National Conference: South West leaders to push for “Yoruba Agenda”

The Yoruba Agenda demands a re-structuring of the Nigerian federation into regional autonomy or an outright dissolution of the federation
Even with a number of reservations, Yoruba leaders have agreed to be part of the planned National Conference with a focus on pushing the “Yoruba agenda” at the conference.

This was the consensus reached on Wednesday at the Yoruba constitutional conference held at Western House, Ibadan.

The conference commenced with a Yoruba nation anthem that was passionately repeated twice.

Various groups from the South West led by the Afenifere Renewal Group, ARG, all agreed that the region must select its ‘best 11’ to be delegates to the conference where it must drive the Yoruba agenda.

The agenda, which was formulated in 1998 and modified in 2012, demands a re-structuring of the Nigerian federation into regional autonomy or an outright dissolution of the federation, a return to parliamentary system of government, creation of state/municipal police, and local government autonomy.

Leading the call was the chairman of ARG, Wale Oshun.

In his opening speech, Mr. Oshun said “we disagree with many of the modalities for the conference and we affirm our resolve that Yoruba delegates are representing the ethnic Yoruba nationality.”

“Yoruba’s demand at the national conference is mainly regional autonomy by re-structuring Nigeria and we will not mind being pushed out of the union if a true federalism is impossible,” he stated.

Mr. Oshun warned Yoruba delegates, despite the platform that brings them to the national conference to push for the “Yoruba agenda”.

“All the Yoruba delegates should know and be fully aware that whichever platform that throws them up, the consequences of betraying the Yoruba course is very dire.”

“Restructuring of Nigeria is the main Yoruba demand at the national conference. It is the irreducible minimum accepted by Yoruba people,” he concluded.

Unity of Nigeria is negotiable

One of the leaders, Alani Akinrinade, in his remark recalled how the Yoruba agenda has stood the test of time since its creation in April 1994 at the Awujale of Ijebu’s palace in Ogun State.

“The Yorubas’ do not have any other option because it is agreeable and respected by all.”

“The national conference must examine the pros and cons of the agenda,” he said as he appealed to President Goodluck Jonathan to “consider more seats for ethnic nationals because it is their conference and they must be given more seats.”

The retired general also demanded that the ‘no-go area’ must be expunged from the conference talks.

“The unity of Nigeria is negotiable and we must create a country where each region is happy in its own separate region way and not by oppression,” he said.

The guest speaker at the event, Kayode Samuel, in his lecture titled ‘What Nigeria and its federating units will gain by restructuring’ called on the Yorubas’ to be ‘forward thinking’ because they are fast losing their competitive edge with other regions.

“Yorubas’ must not be scared of one day being pushed out of Nigeria,” he warned.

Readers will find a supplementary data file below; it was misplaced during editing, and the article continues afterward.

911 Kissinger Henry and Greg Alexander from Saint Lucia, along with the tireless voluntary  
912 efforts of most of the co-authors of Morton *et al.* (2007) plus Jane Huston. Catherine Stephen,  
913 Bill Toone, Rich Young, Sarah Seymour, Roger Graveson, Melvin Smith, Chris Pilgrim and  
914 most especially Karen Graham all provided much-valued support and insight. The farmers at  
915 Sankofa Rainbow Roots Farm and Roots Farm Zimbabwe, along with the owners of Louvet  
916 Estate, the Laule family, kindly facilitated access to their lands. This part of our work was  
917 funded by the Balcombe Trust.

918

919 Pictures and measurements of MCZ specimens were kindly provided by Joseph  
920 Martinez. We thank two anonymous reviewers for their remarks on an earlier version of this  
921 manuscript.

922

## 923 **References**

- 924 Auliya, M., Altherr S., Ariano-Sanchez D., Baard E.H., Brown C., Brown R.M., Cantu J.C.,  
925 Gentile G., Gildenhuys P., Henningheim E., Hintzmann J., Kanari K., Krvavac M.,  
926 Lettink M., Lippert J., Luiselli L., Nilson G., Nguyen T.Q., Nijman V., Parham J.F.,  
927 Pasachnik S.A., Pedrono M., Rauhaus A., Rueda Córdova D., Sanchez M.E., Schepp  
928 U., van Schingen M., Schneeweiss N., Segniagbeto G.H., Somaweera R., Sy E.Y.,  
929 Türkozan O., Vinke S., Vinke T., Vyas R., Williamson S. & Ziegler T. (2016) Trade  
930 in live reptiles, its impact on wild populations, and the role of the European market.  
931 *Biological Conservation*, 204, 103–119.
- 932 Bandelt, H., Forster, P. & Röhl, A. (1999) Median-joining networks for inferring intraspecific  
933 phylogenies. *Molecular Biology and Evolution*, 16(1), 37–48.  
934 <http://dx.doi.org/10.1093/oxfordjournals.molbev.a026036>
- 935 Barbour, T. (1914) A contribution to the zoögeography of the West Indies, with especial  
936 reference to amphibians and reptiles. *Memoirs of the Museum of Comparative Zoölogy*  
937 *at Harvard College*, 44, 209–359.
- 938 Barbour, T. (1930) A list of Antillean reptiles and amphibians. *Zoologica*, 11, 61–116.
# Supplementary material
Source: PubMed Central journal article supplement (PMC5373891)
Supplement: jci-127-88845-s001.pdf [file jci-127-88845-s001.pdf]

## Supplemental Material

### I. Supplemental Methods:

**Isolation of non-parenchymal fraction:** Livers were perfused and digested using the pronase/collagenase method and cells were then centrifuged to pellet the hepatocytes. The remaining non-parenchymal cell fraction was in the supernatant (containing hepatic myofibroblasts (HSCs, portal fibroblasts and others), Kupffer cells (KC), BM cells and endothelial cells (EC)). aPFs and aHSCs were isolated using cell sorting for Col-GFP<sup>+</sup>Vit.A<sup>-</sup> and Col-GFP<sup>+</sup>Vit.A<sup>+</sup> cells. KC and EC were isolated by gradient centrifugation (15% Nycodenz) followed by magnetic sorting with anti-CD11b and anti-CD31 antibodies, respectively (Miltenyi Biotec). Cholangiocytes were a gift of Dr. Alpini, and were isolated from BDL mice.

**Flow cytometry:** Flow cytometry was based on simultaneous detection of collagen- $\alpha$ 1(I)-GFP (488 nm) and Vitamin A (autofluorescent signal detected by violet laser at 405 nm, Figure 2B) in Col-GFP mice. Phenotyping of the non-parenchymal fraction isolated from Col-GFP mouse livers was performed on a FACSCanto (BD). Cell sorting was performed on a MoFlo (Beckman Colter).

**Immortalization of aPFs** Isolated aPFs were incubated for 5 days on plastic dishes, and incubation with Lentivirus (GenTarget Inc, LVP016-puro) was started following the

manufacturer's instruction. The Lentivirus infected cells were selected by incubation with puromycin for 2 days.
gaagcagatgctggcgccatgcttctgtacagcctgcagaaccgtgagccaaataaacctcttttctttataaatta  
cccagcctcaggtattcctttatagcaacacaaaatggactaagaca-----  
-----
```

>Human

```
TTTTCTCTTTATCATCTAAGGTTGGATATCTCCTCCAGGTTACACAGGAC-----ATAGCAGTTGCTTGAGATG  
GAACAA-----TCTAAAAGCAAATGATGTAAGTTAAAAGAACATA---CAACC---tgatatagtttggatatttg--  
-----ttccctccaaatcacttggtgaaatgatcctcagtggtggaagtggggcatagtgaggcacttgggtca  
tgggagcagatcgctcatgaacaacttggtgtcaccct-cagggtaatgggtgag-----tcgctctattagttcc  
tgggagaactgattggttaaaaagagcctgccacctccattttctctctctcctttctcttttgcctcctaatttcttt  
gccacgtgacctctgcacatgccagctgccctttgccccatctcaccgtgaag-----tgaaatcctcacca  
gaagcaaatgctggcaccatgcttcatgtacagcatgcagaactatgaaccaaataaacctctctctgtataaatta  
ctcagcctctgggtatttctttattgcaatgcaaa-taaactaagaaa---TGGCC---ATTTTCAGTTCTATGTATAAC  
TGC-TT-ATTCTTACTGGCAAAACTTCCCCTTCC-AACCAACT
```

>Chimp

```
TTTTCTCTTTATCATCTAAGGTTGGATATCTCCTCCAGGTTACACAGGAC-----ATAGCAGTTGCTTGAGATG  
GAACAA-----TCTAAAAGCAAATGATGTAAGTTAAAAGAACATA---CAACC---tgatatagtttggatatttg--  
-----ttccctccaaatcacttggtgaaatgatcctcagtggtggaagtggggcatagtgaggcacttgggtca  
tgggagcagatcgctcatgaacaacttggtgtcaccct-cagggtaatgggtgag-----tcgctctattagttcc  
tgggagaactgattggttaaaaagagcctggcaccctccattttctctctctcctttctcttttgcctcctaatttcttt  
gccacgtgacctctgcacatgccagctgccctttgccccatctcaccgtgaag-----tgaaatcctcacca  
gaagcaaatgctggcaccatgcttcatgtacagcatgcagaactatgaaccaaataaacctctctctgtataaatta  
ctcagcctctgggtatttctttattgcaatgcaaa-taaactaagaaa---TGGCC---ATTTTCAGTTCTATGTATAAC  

He said that restructuring will enhance healthy competition amongst the regions as it was during independence and “nobody will be labelled a parasite by owners of oil. We will move from being a consuming economy that oil has turned us to.”

Mr. Samuel lamented the loss of Yoruba’s economic clout to the likes of Dangote (Africa’s richest man) and Muhammad Pate, a former Minister of state for health, who recently resigned from office to pick a research role in an American University.

“That used to be us (Yorubas),” he lamented.

He said a recent enquiry revealed that only three out of the seven members representing Ogun State at the House of Assembly have been to the university while nine out of 11 members representing Bauchi have been to the university.

“We must now be very-very articulate with our forward thinking by looking at the end game and be extremely attentive to all the last minutes politics.

“We must anticipate anything at the conference,” he warned as he enjoined Yoruba delegates to the National Conference to champion issues such as restructuring the country, better taxation, because “it is only when people are taxed properly that they will ask question as seen in Fashola’s Lagos.”

Mr. Samuel said the Yorubas must demand the development of the Olokola deep sea port, in Ondo state, which he claims is the “deepest sea port in the country and will dock heavier vessels that what obtains at Apapa and Tin Can island ports.”

“For too long we have run this country with the lowest Common Denominator (LCM), now we must move to Highest Common Factor (HCF).”

A host of other groups made presentations that were in consonance with the dictates of the Yoruba agenda.

Adopt 1960 Constitution

Another Yoruba chieftain, Biyi Durojaiye, advocated for participation in the conference but said that the three months scheduled for the national conference is a ruse.

“No constitution can be written in such a time,” the elderly lawyer, who recalled that a constitution formulated during a similar conference in the Babangida regime, took over a year to produce-1988 to 1989.

The Senator suggested a reversal to the 1960 Constitution because the general elections are just 12 months away.

He said it is the only Nigerian constitution that recognises regional government.


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